Advertisement
HomeCollectionsAcupuncturist
IN THE NEWS

Acupuncturist

FIND MORE STORIES ABOUT:
FEATURED ARTICLES
NEWS
By Frederick N. Rasmussen and Frederick N. Rasmussen,SUN STAFF | April 8, 2000
Karen Lynne Yochim, an acupuncturist who was a founder of the Columbia Center for the Healing Arts, died Tuesday of cancer at her Roland Park home. She was 40. Miss Yochim also had worked as a financial planner for Investment Management and Research Inc. since 1982. She was working part time for the Calverton firm, which is now Potomac Financial Group, at the time of her death. She became interested in acupuncture -- the ancient healing art that was developed in China more than 5,000 years ago and relies on needles to correct the imbalance of "chi," or the life force -- after suffering a spinal injury and being treated with acupuncture in her 20s. "After her first bout with cancer in 1988, she again was treated with acupuncture and eventually decided that she wanted to be an acupuncturist," said her mother, Marie Patricia Yochim of St. Petersburg, Fla. Miss Yochim graduated in 1996 with a master's degree from the Traditional Acupuncture Institute in Columbia, and was a founder in 1997 of the Columbia Center for the Healing Arts, where she tended to patients until last month.
ARTICLES BY DATE
EXPLORE
By L'Oreal Thompson | April 6, 2012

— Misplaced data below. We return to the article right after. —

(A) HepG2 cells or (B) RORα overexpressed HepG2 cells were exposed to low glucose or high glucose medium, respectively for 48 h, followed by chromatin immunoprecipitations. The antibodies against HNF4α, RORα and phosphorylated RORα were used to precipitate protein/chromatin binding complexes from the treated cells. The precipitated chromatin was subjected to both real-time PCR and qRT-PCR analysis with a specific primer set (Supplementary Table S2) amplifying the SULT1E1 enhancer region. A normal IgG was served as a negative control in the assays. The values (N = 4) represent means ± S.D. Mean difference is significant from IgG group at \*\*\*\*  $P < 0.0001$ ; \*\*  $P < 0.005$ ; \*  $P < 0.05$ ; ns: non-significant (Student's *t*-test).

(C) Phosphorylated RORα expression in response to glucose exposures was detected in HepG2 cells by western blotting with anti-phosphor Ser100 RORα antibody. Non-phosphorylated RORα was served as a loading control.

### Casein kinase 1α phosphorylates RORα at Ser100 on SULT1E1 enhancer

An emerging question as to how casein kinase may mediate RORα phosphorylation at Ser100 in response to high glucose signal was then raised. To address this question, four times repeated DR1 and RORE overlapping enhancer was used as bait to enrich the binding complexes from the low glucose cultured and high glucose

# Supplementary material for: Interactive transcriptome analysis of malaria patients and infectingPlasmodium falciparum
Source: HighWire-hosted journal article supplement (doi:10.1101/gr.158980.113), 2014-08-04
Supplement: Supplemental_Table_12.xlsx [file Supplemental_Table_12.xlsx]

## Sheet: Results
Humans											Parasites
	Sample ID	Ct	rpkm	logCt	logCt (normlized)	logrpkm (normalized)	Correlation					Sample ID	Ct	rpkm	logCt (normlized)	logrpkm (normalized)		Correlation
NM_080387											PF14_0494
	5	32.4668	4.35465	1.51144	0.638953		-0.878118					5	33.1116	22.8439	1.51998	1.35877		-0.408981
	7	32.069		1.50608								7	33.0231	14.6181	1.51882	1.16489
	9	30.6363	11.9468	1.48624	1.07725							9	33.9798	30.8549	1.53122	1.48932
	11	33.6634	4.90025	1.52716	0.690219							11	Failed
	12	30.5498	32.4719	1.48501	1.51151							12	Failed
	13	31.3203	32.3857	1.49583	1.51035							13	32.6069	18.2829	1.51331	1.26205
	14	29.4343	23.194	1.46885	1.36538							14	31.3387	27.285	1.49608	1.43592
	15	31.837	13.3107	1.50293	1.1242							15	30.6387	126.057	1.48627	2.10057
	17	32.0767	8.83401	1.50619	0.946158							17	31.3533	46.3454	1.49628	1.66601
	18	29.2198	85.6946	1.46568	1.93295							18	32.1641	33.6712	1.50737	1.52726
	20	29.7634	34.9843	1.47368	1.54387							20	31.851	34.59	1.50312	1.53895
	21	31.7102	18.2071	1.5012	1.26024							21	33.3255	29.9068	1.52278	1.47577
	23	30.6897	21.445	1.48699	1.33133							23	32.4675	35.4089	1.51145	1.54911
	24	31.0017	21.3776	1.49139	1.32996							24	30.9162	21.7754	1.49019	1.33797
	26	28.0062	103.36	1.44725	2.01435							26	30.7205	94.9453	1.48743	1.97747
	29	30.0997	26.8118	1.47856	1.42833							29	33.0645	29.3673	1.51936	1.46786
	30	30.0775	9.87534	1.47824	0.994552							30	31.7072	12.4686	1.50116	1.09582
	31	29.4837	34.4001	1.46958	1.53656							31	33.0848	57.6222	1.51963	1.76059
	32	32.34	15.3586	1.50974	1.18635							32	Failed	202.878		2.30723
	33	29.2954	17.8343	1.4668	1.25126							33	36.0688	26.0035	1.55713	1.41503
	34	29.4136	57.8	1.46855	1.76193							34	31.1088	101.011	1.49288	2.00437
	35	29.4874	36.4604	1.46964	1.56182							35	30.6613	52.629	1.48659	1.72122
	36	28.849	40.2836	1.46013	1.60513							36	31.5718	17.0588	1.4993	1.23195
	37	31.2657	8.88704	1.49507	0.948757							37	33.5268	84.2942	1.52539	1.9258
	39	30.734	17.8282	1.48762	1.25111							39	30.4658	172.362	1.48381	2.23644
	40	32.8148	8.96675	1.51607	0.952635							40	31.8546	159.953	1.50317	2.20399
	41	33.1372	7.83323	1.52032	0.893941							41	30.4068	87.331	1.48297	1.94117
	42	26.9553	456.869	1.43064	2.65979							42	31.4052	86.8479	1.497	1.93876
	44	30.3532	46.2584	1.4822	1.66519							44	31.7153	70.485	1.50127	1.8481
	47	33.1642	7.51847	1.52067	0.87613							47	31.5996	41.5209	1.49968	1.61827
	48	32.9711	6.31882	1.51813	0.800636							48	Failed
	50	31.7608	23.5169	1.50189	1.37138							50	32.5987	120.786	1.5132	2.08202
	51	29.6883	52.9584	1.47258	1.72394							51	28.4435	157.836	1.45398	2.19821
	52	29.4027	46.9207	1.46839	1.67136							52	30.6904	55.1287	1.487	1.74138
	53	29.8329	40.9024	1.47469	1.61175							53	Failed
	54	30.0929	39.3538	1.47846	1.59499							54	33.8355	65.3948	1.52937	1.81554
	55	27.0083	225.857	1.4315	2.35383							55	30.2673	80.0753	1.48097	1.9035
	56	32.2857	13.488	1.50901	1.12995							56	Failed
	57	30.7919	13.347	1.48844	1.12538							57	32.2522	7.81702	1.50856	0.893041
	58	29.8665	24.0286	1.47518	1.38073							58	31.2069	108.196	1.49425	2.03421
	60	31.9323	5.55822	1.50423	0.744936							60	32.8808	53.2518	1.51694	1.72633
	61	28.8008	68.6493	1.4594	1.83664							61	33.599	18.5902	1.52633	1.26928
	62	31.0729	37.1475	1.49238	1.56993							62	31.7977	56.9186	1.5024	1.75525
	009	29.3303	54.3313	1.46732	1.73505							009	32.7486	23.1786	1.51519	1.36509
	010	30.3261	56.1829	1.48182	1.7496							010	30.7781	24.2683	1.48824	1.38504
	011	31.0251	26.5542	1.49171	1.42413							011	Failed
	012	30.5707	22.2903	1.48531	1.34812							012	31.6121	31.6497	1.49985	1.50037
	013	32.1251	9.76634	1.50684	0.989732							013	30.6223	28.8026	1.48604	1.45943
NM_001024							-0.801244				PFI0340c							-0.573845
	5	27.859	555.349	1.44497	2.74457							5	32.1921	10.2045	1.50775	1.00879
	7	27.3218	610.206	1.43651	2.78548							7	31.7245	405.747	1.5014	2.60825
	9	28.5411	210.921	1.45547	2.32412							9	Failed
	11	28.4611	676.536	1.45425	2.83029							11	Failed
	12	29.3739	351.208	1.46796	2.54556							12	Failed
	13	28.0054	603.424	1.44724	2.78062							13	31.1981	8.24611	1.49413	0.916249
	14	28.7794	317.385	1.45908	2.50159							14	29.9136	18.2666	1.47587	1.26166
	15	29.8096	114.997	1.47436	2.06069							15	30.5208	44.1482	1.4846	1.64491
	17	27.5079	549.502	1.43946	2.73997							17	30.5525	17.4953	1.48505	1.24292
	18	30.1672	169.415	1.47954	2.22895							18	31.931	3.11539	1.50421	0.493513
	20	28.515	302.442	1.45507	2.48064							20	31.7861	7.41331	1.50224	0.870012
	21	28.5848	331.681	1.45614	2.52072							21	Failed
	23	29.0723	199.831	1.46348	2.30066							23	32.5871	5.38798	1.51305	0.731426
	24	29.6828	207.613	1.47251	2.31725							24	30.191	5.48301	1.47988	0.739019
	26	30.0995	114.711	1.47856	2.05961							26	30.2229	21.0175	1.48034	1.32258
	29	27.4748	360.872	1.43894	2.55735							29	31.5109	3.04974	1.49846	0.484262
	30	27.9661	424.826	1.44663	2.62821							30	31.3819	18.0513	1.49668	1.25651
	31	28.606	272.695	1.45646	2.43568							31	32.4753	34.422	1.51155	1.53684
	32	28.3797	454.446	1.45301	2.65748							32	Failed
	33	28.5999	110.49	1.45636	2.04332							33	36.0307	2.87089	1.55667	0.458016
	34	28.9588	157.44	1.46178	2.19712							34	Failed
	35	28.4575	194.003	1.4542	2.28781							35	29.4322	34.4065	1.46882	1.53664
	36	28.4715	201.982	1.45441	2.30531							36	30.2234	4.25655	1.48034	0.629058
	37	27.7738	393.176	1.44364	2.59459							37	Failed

Inspired by an ancient Chinese symbol, which also serves as the logo for her practice, Jade Connelly-Duggan decided to open WisdomWell, a family acupuncture and wellness center in Columbia. “For myself and the people I work with, wellness happens in the gathering place,” she says. “I wanted to create a place where the community can come and gather and share ways of being well.” Connelly-Duggan, a second-generation acupuncturist who has been practicing for four years, founded WisdomWell in November 2011.
Advertisement
NEWS
By Joan Jacobson and Joan Jacobson,SUN STAFF | January 30, 1997
Towson acupuncturist Neil Garland pleaded guilty yesterday to practicing without a license and selling mislabeled medicine in a case that stemmed from complaints that he gouged and bruised patients last year.Baltimore County Circuit Judge John Grason Turnbull II handed Garland, 42, a six-month suspended sentence and five years' probation. He also was fined $1,000 and agreed not to practice acupuncture during his probation.Garland appeared in court yesterday, but said nothing in his defense.
HEALTH
By John-John Williams IV, The Baltimore Sun | December 15, 2010